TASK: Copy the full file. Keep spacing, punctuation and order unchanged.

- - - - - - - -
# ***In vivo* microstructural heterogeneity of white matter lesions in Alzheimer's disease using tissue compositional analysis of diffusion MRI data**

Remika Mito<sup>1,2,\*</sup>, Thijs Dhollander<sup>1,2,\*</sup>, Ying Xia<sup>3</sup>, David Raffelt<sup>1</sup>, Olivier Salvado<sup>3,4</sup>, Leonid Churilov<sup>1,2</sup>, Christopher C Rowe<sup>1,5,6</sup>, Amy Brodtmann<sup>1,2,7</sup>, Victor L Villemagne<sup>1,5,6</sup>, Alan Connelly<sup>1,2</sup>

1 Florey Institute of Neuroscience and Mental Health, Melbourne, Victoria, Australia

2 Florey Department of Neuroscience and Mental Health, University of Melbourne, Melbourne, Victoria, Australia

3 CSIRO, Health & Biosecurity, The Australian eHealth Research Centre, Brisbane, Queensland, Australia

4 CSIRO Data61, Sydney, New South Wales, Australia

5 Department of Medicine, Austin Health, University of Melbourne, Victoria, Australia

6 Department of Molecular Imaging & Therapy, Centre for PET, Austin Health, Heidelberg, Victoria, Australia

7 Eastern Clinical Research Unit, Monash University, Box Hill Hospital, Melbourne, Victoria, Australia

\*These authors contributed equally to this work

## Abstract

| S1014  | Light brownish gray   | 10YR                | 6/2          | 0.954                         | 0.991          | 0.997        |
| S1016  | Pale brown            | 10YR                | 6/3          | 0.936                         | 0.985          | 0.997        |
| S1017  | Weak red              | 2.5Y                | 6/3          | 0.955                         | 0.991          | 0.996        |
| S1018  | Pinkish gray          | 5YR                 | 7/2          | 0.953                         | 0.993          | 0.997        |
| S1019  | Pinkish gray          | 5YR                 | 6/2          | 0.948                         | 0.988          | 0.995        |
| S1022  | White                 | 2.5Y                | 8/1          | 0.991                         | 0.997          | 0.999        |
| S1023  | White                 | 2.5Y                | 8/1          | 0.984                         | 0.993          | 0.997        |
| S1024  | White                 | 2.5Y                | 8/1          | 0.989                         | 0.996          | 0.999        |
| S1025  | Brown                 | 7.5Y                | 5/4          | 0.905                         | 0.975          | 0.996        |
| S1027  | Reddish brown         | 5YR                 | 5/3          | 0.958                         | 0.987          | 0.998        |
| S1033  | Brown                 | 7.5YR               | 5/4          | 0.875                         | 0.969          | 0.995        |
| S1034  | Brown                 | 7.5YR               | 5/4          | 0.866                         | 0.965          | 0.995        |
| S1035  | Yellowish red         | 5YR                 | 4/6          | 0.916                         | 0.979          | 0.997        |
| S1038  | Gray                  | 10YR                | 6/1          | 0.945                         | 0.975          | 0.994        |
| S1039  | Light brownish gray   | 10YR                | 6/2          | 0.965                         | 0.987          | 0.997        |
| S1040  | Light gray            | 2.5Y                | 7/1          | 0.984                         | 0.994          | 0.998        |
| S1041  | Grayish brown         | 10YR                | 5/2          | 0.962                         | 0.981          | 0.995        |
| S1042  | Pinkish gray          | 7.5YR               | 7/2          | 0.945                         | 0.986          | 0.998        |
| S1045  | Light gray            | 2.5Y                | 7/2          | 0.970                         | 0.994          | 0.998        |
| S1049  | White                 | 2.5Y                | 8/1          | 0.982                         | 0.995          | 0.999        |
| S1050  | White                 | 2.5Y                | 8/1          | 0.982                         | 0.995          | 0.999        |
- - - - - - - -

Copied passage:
# ***In vivo* microstructural heterogeneity of white matter lesions in Alzheimer's disease using tissue compositional analysis of diffusion MRI data**

Remika Mito<sup>1,2,\*</sup>, Thijs Dhollander<sup>1,2,\*</sup>, Ying Xia<sup>3</sup>, David Raffelt<sup>1</sup>, Olivier Salvado<sup>3,4</sup>, Leonid Churilov<sup>1,2</sup>, Christopher C Rowe<sup>1,5,6</sup>, Amy Brodtmann<sup>1,2,7</sup>, Victor L Villemagne<sup>1,5,6</sup>, Alan Connelly<sup>1,2</sup>

1 Florey Institute of Neuroscience and Mental Health, Melbourne, Victoria, Australia

2 Florey Department of Neuroscience and Mental Health, University of Melbourne, Melbourne, Victoria, Australia

3 CSIRO, Health & Biosecurity, The Australian eHealth Research Centre, Brisbane, Queensland, Australia

4 CSIRO Data61, Sydney, New South Wales, Australia

5 Department of Medicine, Austin Health, University of Melbourne, Victoria, Australia

6 Department of Molecular Imaging & Therapy, Centre for PET, Austin Health, Heidelberg, Victoria, Australia

7 Eastern Clinical Research Unit, Monash University, Box Hill Hospital, Melbourne, Victoria, Australia

\*These authors contributed equally to this work

## Abstract

| S1014  | Light brownish gray   | 10YR                | 6/2          | 0.954                         | 0.991          | 0.997        |
| S1016  | Pale brown            | 10YR                | 6/3          | 0.936                         | 0.985          | 0.997        |
| S1017  | Weak red              | 2.5Y                | 6/3          | 0.955                         | 0.991          | 0.996        |
| S1018  | Pinkish gray          | 5YR                 | 7/2          | 0.953                         | 0.993          | 0.997        |
| S1019  | Pinkish gray          | 5YR                 | 6/2          | 0.948                         | 0.988          | 0.995        |
| S1022  | White                 | 2.5Y                | 8/1          | 0.991                         | 0.997          | 0.999        |
| S1023  | White                 | 2.5Y                | 8/1          | 0.984                         | 0.993          | 0.997        |
| S1024  | White                 | 2.5Y                | 8/1          | 0.989                         | 0.996          | 0.999        |
| S1025  | Brown                 | 7.5Y                | 5/4          | 0.905                         | 0.975          | 0.996        |
| S1027  | Reddish brown         | 5YR                 | 5/3          | 0.958                         | 0.987          | 0.998        |
| S1033  | Brown                 | 7.5YR               | 5/4          | 0.875                         | 0.969          | 0.995        |
| S1034  | Brown                 | 7.5YR               | 5/4          | 0.866                         | 0.965          | 0.995        |
| S1035  | Yellowish red         | 5YR                 | 4/6          | 0.916                         | 0.979          | 0.997        |
| S1038  | Gray                  | 10YR                | 6/1          | 0.945                         | 0.975          | 0.994        |
| S1039  | Light brownish gray   | 10YR                | 6/2          | 0.965                         | 0.987          | 0.997        |
| S1040  | Light gray            | 2.5Y                | 7/1          | 0.984                         | 0.994          | 0.998        |
| S1041  | Grayish brown         | 10YR                | 5/2          | 0.962                         | 0.981          | 0.995        |
| S1042  | Pinkish gray          | 7.5YR               | 7/2          | 0.945                         | 0.986          | 0.998        |
| S1045  | Light gray            | 2.5Y                | 7/2          | 0.970                         | 0.994          | 0.998        |
| S1049  | White                 | 2.5Y                | 8/1          | 0.982                         | 0.995          | 0.999        |
| S1050  | White                 | 2.5Y                | 8/1          | 0.982                         | 0.995          | 0.999        |